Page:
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How to Make a Will in Louisiana

By Teo Spengler
A senior woman is meeting with an advisor in her office.

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Just when you thought that all state laws about making wills were similar, along comes Louisiana. Not only are the will requirements different, but they are also strictly enforced. Only those with a sound knowledge of the succession rules and the particular twists of the inheritance laws in this community property state should consider attempting to draft a will without the aid of a Louisiana lawyer.

Olographic Testament

By far the simplest will to draft, the olographic testament permitted under Louisiana law is a will written entirely in your own hand. It must also be signed and dated in your own hand. In California and other states where it is permitted, this type of will is termed holographic. No particular legal language is required, but you must indicate in the document that you intend it to be your will. No witnesses are required to witness your signature or to sign the will.

Notorial Testament

The only other type of will permitted today in Louisiana is termed a "notorial testament." It is a typed or printed will that you must sign in the presence of two adult witnesses and a notary public. Don't just sign at the end of the will. You'll need to sign each and every page and at the very end. You also must state to the witnesses and the notary that the document is your will. Note also that a witness or notary should not receive a bequest under the will. If they are named in the will as beneficiaries, the will remains valid but the bequests are generally invalidated.

Witness Attestation Clause

Every notorial testament must contain a statement signed by the two witnesses and the notary that says you declared in their presence that the document was your testament and that you signed it at the end and on each other separate page. It must also say that, in your presence and in the presence of each other, they signed their names at the end of the will. You must also state the date. These requirements are strictly enforced and if not included can invalidate the will.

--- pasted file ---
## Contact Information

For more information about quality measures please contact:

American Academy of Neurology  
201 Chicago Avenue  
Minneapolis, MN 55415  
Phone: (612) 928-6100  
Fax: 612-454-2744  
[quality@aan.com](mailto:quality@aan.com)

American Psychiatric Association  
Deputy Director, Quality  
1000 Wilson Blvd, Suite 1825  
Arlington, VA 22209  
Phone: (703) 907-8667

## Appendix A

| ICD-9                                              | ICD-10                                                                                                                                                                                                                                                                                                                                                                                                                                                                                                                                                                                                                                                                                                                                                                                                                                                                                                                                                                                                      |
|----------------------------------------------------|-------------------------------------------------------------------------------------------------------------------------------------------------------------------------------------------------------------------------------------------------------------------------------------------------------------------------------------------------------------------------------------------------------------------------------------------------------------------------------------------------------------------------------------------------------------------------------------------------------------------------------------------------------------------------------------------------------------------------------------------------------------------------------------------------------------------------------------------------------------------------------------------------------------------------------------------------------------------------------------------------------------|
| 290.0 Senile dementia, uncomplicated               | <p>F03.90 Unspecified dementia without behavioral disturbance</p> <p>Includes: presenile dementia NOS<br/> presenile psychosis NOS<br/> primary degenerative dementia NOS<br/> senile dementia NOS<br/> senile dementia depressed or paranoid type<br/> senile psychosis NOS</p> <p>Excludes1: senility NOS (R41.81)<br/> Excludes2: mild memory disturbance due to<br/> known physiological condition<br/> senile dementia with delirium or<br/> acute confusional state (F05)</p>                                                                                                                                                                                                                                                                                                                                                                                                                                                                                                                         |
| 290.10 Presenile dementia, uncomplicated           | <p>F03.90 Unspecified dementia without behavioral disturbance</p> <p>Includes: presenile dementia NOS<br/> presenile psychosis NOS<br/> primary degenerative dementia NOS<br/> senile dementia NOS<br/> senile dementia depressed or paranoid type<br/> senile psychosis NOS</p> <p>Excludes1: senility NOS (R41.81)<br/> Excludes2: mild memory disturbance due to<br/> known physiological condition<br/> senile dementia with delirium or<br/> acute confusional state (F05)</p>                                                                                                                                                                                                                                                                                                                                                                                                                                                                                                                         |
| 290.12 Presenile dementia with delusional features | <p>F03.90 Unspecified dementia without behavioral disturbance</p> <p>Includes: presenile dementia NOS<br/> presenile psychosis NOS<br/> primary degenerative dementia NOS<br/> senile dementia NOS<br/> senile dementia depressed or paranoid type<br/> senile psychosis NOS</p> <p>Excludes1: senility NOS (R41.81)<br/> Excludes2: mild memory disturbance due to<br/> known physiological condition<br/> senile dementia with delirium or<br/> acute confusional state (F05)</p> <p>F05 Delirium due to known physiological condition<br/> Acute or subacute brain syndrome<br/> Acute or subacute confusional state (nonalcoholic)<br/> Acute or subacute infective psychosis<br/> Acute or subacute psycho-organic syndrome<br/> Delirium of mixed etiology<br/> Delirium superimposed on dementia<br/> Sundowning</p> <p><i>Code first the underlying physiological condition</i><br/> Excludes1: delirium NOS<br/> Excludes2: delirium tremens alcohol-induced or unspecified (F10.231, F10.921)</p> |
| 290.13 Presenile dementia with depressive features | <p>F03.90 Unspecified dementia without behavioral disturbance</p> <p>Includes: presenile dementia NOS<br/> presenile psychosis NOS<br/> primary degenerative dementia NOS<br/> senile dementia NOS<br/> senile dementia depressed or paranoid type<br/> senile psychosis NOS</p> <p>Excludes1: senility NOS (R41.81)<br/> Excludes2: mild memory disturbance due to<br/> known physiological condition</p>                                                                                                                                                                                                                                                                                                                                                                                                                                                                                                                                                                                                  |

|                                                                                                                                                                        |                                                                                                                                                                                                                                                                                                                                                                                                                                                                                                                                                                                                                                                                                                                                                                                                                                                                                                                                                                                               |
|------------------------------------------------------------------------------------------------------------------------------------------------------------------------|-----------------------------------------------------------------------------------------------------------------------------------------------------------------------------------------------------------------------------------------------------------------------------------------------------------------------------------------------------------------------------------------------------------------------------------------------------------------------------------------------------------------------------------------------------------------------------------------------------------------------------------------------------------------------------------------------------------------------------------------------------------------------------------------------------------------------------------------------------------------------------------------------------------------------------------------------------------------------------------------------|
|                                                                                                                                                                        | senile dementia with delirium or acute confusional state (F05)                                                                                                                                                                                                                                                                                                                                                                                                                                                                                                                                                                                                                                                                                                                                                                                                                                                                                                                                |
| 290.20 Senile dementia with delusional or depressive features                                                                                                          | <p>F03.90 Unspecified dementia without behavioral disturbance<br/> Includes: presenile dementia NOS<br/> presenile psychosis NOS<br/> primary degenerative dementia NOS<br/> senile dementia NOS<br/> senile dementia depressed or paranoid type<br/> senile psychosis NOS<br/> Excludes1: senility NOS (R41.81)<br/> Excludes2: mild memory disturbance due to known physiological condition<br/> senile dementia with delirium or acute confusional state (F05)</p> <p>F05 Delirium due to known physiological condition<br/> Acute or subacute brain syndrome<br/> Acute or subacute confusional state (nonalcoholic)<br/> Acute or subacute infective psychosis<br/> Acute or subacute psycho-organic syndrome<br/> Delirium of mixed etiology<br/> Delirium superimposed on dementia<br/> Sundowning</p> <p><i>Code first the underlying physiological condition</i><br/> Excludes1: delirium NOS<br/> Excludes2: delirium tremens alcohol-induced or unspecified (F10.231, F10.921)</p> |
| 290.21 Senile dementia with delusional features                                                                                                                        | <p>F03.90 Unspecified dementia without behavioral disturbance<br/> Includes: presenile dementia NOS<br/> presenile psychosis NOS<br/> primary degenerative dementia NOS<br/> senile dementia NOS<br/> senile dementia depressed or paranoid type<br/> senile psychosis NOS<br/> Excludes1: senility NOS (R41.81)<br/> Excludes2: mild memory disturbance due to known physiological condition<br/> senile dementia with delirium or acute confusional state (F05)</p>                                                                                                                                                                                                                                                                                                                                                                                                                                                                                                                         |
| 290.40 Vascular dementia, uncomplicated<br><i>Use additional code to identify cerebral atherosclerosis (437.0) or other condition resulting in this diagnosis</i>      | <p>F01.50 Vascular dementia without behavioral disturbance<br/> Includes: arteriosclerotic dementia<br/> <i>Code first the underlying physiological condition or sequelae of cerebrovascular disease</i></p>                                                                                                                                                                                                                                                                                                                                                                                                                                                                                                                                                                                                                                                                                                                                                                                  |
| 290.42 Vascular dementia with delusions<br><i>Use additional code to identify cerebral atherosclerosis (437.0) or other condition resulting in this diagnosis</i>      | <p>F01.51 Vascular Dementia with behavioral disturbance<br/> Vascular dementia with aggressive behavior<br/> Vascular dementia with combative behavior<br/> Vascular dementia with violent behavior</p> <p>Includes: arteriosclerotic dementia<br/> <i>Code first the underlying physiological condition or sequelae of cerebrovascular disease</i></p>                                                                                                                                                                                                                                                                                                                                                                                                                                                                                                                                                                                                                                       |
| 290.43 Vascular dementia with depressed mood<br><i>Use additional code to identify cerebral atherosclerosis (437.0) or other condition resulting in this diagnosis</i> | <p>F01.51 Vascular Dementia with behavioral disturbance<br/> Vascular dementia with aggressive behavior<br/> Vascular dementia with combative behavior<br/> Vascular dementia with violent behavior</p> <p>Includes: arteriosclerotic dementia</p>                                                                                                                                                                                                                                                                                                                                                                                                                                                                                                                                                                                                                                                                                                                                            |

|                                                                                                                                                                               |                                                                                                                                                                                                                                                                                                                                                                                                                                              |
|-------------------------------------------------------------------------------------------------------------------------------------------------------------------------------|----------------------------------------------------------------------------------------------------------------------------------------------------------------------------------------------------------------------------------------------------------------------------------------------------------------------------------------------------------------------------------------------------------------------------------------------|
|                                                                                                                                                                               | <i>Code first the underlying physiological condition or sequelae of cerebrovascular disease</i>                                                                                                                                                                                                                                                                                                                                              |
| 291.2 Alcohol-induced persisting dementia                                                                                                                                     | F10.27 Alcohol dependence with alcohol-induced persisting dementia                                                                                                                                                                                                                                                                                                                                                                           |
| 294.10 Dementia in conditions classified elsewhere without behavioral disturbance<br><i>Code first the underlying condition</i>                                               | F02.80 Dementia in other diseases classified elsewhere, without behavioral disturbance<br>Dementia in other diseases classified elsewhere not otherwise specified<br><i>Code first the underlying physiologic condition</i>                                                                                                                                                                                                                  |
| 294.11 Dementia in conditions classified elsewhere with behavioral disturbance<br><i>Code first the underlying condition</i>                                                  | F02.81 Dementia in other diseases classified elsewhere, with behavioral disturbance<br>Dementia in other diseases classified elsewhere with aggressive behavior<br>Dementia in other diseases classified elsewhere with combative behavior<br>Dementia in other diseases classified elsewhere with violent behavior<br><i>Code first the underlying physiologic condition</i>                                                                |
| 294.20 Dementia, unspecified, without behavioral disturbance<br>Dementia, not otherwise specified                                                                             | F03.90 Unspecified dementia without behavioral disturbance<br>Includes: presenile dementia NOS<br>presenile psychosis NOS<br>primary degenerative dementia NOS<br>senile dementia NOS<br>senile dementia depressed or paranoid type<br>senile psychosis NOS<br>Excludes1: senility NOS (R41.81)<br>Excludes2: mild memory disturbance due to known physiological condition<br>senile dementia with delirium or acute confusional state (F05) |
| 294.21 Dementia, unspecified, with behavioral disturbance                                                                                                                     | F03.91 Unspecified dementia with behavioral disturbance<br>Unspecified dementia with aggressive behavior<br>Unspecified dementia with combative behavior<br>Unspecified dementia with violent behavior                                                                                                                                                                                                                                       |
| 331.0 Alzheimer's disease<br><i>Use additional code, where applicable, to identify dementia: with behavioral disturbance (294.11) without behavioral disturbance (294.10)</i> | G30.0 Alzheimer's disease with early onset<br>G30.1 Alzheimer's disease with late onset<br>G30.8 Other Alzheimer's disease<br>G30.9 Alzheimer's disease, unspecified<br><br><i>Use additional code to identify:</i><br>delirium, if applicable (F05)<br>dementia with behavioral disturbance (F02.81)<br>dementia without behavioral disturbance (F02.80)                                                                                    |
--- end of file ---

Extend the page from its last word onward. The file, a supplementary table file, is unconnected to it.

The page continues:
Will Types No Longer Valid

In 1999, Louisiana changed its will laws. When it did so, it eliminated three other types of wills. These will types -- the Nuncupative Testament by Public Act, the Nuncupative Testament by Prior Act and the Mystic Testament -- can no longer be used. Those people who made these types of wills before 1999 do not have to redo them, however. Any of these types of wills signed before July 1, 1999, remain valid.

Variations on a Community Property Theme

One of the problems with drafting your own will in Louisiana is the fact that the inheritance law has twists you might not expect. For example, in Louisiana a surviving spouse is entitled to a life estate in your share of the community property assets. This share is termed a usufruct. In addition, the law describes forced heirs -- your minor or disabled children -- who will inherit whether you include them in the will or not. So don't try to draft a will in this state without some knowledge of estate law, or consult with a local attorney.

About the Author

Teo Spengler earned a J.D. from U.C. Berkeley's Boalt Hall. As an Assistant Attorney General in Juneau, she practiced before the Alaska Supreme Court and the U.S. Supreme Court before opening a plaintiff's personal injury practice in San Francisco. She holds both an M.A. and an M.F.A in creative writing and enjoys writing legal blogs and articles. Her work has appeared in numerous online publications including USA Today, Legal Zoom, eHow Business, Livestrong, SF Gate, Go Banking Rates, Arizona Central, Houston Chronicle, Navy Federal Credit Union, Pearson, Quicken.com, TurboTax.com, and numerous attorney websites. Spengler splits her time between the French Basque Country and Northern California.

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